How little do we know how other people live in the houses close to us! We see the houses looking like our own, and we see the people come out of them looking like ourselves. But a Chinaman is not more different from the English John Bull than is No. 10 from No. 11. Here there are books, paintings, music, wine, a little dilettanti getting-up of subjects of the day, a little dilettanti thinking on great affairs, perhaps a little dilettanti religion; few domestic laws, and those easily broken; few domestic duties, and those easily evaded; breakfast when you will, with dinner almost as little binding, with much company and acknowledged aptitude for idle luxury. That is life at No. 10. At No. 11 everything is cased in iron. There shall be equal plenty, but at No. 11 even plenty is a bondage. Duty rules everything, and it has come to be acknowledged that duty is to be hard. So many hours of needlework, so many hours of books, so many hours of prayer! That all the household shall shiver before daylight, is a law, the breach of which by any member either augurs sickness or requires condign punishment. To be comfortable is a sin; to laugh is almost equal to bad language. Such and so various is life at No. 10 and at No. 11.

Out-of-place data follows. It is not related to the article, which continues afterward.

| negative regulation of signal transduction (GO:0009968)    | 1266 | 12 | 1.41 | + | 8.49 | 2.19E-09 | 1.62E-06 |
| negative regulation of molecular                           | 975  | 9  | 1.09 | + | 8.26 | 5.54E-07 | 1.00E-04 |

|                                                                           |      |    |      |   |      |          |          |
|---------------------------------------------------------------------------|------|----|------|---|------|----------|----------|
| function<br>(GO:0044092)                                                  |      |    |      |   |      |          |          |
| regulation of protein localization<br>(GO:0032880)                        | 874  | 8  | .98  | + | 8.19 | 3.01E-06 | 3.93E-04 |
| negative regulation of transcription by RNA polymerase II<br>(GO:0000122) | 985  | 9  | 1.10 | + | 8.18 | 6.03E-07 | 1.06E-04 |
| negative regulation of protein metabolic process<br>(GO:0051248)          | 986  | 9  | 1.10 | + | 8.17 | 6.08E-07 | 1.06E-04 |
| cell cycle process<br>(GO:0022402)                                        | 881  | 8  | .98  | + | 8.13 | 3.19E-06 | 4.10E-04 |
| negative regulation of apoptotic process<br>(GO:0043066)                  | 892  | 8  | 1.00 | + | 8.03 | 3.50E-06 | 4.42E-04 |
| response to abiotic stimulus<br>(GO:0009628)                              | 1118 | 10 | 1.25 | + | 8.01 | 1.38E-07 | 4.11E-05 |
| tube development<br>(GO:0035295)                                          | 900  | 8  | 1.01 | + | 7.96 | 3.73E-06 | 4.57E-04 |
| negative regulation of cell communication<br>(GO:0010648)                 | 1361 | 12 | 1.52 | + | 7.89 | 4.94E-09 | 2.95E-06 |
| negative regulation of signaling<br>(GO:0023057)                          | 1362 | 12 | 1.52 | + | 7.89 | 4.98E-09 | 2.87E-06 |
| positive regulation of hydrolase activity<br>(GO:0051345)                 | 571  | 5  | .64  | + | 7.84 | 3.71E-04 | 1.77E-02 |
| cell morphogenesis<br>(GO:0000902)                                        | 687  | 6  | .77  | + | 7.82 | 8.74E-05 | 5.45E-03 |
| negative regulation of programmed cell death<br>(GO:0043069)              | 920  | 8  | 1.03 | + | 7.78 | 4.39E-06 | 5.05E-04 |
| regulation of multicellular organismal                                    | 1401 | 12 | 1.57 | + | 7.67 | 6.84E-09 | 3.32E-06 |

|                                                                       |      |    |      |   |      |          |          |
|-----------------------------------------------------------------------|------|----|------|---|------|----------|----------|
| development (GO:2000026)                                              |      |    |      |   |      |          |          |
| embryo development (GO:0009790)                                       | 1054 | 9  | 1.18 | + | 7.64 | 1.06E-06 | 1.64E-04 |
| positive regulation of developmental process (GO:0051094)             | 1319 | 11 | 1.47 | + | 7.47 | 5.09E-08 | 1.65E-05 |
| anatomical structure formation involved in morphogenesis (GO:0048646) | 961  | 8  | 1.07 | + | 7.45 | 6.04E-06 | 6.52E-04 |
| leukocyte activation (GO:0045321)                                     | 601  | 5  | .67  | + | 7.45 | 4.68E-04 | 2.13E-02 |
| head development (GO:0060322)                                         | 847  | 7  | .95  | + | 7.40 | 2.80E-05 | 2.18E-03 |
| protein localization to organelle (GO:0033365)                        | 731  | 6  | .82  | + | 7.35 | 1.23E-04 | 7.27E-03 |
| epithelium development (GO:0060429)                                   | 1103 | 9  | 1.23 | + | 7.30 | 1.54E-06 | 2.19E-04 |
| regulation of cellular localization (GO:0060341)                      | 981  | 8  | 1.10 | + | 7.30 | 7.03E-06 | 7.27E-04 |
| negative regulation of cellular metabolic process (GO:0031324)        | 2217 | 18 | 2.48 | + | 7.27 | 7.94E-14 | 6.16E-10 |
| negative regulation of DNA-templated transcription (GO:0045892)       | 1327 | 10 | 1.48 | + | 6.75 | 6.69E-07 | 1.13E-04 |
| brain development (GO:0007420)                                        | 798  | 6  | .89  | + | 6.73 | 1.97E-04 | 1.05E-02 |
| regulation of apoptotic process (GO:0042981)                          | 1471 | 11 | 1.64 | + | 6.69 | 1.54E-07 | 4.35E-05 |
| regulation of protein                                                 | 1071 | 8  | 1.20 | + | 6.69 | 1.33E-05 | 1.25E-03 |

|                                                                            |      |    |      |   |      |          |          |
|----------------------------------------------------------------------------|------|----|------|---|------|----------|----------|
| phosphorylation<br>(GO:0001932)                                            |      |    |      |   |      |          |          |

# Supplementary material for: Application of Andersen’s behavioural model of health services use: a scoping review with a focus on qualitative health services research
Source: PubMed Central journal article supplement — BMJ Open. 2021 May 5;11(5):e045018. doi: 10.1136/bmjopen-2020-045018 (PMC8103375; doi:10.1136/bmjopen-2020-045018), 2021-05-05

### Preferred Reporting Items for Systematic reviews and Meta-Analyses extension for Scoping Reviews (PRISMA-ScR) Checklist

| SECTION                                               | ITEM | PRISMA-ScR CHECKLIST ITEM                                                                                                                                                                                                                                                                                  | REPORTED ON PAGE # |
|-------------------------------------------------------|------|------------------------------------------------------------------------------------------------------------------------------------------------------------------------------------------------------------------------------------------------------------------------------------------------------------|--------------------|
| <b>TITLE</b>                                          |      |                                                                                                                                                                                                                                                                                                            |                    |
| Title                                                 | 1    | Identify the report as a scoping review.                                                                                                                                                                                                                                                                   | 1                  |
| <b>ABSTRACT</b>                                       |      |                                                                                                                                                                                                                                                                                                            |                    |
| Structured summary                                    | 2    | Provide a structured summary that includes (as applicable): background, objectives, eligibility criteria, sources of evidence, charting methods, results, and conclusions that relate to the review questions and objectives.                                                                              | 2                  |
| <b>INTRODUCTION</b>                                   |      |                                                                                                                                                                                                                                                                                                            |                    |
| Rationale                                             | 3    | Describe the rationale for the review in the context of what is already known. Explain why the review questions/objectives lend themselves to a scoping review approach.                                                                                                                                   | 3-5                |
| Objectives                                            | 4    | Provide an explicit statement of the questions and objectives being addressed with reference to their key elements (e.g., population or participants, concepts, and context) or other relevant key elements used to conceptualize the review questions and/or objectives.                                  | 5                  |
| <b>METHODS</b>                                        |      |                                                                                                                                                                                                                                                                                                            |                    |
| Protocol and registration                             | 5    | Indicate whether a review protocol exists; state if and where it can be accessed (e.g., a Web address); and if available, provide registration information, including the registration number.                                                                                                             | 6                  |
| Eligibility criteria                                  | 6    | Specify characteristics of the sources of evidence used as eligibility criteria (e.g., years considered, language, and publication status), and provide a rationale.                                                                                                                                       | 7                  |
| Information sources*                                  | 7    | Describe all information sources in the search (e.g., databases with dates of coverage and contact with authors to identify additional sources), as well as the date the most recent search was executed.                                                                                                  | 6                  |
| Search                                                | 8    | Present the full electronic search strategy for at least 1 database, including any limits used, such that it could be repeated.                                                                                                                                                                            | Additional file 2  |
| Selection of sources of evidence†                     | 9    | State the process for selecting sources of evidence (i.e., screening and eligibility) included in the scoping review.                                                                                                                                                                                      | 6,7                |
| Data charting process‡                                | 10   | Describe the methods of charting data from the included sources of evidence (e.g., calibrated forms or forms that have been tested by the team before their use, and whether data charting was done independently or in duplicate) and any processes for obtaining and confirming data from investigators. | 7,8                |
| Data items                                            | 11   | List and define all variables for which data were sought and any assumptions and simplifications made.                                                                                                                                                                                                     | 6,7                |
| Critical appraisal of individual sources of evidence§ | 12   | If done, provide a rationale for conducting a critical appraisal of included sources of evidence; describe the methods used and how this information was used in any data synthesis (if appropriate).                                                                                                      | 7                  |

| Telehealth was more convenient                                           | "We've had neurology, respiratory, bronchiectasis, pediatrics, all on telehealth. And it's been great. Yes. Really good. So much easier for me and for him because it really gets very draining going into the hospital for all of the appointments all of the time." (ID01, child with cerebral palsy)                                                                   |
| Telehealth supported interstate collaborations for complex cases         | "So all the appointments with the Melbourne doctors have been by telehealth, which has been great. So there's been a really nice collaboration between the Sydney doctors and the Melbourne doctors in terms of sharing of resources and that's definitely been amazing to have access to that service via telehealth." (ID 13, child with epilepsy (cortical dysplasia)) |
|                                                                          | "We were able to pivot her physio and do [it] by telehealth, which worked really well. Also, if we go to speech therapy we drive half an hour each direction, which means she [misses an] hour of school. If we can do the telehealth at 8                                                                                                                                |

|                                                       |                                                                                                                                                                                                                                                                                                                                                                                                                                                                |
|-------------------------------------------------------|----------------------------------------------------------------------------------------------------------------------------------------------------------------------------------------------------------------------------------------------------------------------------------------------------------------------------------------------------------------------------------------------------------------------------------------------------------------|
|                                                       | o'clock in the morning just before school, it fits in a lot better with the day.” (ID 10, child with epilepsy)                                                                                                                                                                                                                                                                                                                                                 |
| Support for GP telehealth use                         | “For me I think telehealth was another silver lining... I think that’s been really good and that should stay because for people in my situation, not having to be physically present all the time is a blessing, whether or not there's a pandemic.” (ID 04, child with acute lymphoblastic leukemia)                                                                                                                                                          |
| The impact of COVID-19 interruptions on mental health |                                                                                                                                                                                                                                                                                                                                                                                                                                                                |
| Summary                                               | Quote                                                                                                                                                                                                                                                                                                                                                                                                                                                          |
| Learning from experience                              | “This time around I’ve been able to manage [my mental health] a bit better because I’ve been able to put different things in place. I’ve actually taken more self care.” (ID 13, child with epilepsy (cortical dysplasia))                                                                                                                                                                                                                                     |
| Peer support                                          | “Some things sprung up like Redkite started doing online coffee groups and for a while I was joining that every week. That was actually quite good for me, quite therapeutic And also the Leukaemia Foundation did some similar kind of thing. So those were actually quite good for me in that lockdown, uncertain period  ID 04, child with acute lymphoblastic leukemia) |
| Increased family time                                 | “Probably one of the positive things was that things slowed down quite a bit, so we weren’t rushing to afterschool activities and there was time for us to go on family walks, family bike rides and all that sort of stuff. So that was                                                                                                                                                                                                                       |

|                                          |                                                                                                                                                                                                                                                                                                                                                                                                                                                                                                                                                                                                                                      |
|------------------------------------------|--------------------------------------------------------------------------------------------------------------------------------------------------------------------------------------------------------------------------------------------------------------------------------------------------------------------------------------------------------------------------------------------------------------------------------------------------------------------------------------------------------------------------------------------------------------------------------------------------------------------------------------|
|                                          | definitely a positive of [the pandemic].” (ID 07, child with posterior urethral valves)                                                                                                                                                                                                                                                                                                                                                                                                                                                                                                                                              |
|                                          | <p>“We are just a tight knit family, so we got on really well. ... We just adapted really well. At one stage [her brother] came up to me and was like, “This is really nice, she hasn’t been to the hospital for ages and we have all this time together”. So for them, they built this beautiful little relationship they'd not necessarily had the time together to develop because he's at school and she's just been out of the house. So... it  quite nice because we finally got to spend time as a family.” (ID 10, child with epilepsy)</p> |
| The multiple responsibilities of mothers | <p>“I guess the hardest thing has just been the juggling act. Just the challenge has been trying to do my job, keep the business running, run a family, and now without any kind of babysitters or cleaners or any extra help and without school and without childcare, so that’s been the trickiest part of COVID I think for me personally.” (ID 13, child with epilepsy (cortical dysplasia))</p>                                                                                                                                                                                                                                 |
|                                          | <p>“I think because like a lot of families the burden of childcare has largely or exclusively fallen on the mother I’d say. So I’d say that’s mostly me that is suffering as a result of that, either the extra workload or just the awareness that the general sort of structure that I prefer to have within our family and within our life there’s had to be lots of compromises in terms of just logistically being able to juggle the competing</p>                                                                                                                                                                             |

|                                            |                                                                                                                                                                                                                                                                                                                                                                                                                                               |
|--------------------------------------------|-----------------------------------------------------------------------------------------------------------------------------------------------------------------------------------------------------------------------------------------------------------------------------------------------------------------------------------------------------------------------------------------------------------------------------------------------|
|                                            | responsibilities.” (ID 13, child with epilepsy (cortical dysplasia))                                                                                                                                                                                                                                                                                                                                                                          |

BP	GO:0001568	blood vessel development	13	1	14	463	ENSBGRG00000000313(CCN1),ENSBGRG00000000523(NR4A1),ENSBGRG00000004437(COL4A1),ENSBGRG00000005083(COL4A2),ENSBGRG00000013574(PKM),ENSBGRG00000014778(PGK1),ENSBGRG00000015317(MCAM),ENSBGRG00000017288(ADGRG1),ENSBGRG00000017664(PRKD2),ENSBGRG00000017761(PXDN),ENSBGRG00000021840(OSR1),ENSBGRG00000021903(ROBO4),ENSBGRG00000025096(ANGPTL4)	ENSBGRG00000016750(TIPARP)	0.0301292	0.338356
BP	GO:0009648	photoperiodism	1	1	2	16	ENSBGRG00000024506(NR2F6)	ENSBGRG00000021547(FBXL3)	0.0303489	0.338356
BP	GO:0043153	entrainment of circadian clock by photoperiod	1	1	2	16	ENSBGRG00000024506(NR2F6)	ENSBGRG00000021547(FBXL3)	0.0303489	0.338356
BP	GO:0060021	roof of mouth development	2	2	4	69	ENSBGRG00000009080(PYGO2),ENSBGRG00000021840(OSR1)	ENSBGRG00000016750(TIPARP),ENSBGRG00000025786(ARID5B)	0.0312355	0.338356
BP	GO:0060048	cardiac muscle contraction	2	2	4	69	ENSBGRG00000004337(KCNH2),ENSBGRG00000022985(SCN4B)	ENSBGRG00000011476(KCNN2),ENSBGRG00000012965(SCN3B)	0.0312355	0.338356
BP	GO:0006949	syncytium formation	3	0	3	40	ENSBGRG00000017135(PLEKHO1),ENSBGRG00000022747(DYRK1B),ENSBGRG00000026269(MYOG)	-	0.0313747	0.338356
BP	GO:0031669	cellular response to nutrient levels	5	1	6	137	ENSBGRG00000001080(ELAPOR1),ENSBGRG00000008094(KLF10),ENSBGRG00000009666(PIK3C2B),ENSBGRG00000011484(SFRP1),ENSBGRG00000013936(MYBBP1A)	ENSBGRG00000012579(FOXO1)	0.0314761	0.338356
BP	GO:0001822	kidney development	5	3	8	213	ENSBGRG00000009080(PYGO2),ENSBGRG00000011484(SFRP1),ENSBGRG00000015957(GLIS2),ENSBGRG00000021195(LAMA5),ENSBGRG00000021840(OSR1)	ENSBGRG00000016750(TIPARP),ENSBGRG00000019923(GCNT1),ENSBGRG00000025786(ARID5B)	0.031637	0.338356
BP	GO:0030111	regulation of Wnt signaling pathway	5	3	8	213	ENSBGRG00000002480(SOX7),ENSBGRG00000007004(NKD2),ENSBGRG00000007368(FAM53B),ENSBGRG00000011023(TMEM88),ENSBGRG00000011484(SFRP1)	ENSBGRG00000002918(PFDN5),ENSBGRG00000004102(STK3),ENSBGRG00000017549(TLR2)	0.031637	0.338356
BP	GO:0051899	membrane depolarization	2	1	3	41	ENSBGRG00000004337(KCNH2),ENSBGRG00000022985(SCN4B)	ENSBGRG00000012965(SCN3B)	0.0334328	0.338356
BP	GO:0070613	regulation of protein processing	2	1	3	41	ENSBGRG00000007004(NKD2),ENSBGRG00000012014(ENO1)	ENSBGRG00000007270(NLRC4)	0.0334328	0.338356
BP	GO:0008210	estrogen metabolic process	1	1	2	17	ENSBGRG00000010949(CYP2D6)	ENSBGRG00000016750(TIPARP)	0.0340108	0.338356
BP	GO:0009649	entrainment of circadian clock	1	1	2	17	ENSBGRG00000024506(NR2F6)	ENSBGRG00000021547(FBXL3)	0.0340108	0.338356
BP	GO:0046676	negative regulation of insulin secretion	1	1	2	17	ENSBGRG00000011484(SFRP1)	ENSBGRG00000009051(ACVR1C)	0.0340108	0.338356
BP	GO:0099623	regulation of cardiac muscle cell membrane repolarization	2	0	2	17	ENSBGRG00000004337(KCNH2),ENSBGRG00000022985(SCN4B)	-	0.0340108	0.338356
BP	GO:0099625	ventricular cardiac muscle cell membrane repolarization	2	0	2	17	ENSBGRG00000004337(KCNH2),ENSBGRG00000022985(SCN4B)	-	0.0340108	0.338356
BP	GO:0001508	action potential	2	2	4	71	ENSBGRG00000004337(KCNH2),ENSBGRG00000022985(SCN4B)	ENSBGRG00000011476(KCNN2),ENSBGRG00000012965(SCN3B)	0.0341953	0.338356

— Anthony Trollope, Ayala’s Angel (1881)